by Ramona Richard
The concept of a state of cognitive impairment intervening between normal aging and very early dementia has been in the literature for many years. The term Mild Cognitive Impairment (MCI) has been proposed to define an early, but abnormal state of cognitive impairment intervening between normal cognition and probable Alzheimer’s disease (AD). Studies report that from 6% to 25% of MCI patients transition to AD.
There is a fuzzy line between what is considered “normal” aging and MCI. In the end, the definition of MCI reduces down to: patient or someone familiar with the patient reports memory complaint or other cognitive impairment. Other activities of daily living are not generally affected.
Risk factors fall into two categories: those you can change and those you can’t. Age and the presence of the genetic marker for Alzheimer’s (the APOE 4 gene) are two risk factors you cannot change. The rest you can intervene to help prevent:
- High blood pressure
- Systemic inflammation
- Imbalanced blood sugar: insulin resistance/Metabolic Syndrome/Type II Diabetes
- Elevated homocysteine
- Nutritional deficiencies: B12, folate, omega 3, antioxidants
- Lifestyle: smoking, chronic stress, lack of exercise
- Toxicities: pesticides, heavy metals
- Preventing Brain Aging
Diet: eating a Mediterranean-style, whole-foods diet with lots of olive oil, fresh fruits and vegetables, with high quality fish and poultry has been shown to be protective. Beyond this baseline, your diet must keep your blood sugar in check. Poor blood sugar control is highly damaging to the brain. Avoid the whites: white sugar, white flour, white rice. Always eat carbohydrates with a protein and a good fat (which slows down their glycemic index). If you are not diabetic, then 100 – 175 grams of carb a day would be a ballpark goal. For Type II diabetics, 60 – 100 grams a day is more appropriate.
In order to get optimal antioxidants in your diet, eat the rainbow. Choose highly colored fruits and veggies – the color pigments carry the antioxidants. Eat all berries, cherries, bright yellow and orange foods and leafy greens in abundance.
If you have reason to think that you have a body burden of mercury, lead or other heavy metal, it would be worth checking. A hair analysis can reveal whether or not you may have high levels of heavy metals. Also, choosing green products for around your home and organic foods for your plate will help relieve the body of chemical toxicities. Pesticides, for instance, kill because they are neurotoxins. According to Dr. David Perlmutter, they promote free radical damage and inflammation, thereby contributing to dementia.
Cortisol elevates during stress. It is the stress hormone that prepares the body for fight or flight. When it stays high, it damages the hippocampus, the short-term memory center of the brain. If you are stuck in a stressful situation, it is best to practice meditation, deep breathing, Tai Chi or whatever calms you. Herbs like holy basil and ashwagandha also help to lower cortisol.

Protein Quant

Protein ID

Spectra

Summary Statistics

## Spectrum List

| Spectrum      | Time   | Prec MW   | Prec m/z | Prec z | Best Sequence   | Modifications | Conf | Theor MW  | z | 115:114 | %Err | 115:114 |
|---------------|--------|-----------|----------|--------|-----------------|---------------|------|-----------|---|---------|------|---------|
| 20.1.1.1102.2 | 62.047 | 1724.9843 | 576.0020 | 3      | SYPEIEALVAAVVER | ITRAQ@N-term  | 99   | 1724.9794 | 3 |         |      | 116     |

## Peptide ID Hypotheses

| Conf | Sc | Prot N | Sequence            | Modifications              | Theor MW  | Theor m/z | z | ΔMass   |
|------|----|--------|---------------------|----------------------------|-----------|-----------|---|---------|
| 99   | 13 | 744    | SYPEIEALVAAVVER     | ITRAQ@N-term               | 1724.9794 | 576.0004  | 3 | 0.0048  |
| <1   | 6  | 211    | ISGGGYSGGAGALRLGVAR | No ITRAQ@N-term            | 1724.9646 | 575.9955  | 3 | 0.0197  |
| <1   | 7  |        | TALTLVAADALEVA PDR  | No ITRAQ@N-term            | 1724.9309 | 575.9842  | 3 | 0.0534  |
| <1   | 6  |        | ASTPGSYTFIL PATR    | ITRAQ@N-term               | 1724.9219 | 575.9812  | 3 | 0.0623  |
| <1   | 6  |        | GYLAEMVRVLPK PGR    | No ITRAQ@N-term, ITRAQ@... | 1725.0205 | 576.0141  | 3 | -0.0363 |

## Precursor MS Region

Many nutrients have shown efficacy in preventing memory loss and brain atrophy. Omega 3 oils or eating cold-water fish several times a week is a must. The brain requires omega 3 for healthy neuron membranes and nerve signal conduction. Omega 3 oils have been shown to reduce both inflammation and beta-amyloid deposition. Studies show optimal supplemental levels are around 2 grams daily.
Folate, a B-vitamin, is also shown in studies to prevent memory loss. It is best to use the active form: 5-methyltetrahydrofolate. Together with methylcobalamin (B12) and vitamin B6, 5-methyl folate reduces high homocysteine, an independent risk factor for dementia. Methylcobalamin, at 1 mg daily, has been shown to improve cognition on its own as well.
Curcumin, the active element in the spice turmeric, is a powerful antioxidant that can cross the blood-brain barrier and protect neurons. It has been shown to stimulate nerve regeneration and to control inflammation. Curcumin would be an especially good choice if you also suffer from inflammatory conditions such as arthritis or autoimmune issues.
Phosphatidylserine or “PS” enhances the brain’s use of energy, increases memory, and facilitates neurotransmission. There are likely more studies showing the efficacy of PS to enhance memory than for any other nutrient. Minimum dose is 100 mg.
Other supplements can also be useful: acetyl-l-carnitine, alpha GPC, Vitamins C & D, alpha lipoic acid, NAC, and astaxanthin all have scientific support for brain health and memory support.
A study done at the Mayo Clinic found that ANY frequency of moderate exercise performed at midlife or late life reduced the risk of having MCI. Exercise has been shown to reduce the genetic risk, the vascular risk (e.g., stroke), the deposition of amyloid plaques and brain atrophy.
Mental exercise is also necessary. The brain is a use-it-or-lose-it organ. Learn something new; use the computer, play challenging card games or Sudoku. Study a foreign language, or sign up for on-line brain gyms: Lumosity or Brain HQ, for example.
Summary, three steps to keep your brain sharp:
- Eat to maintain good blood sugar control
- Supplement with fish oil, vitamin D, antioxidants and “smart” nutrients
- Exercise both your body and your mind.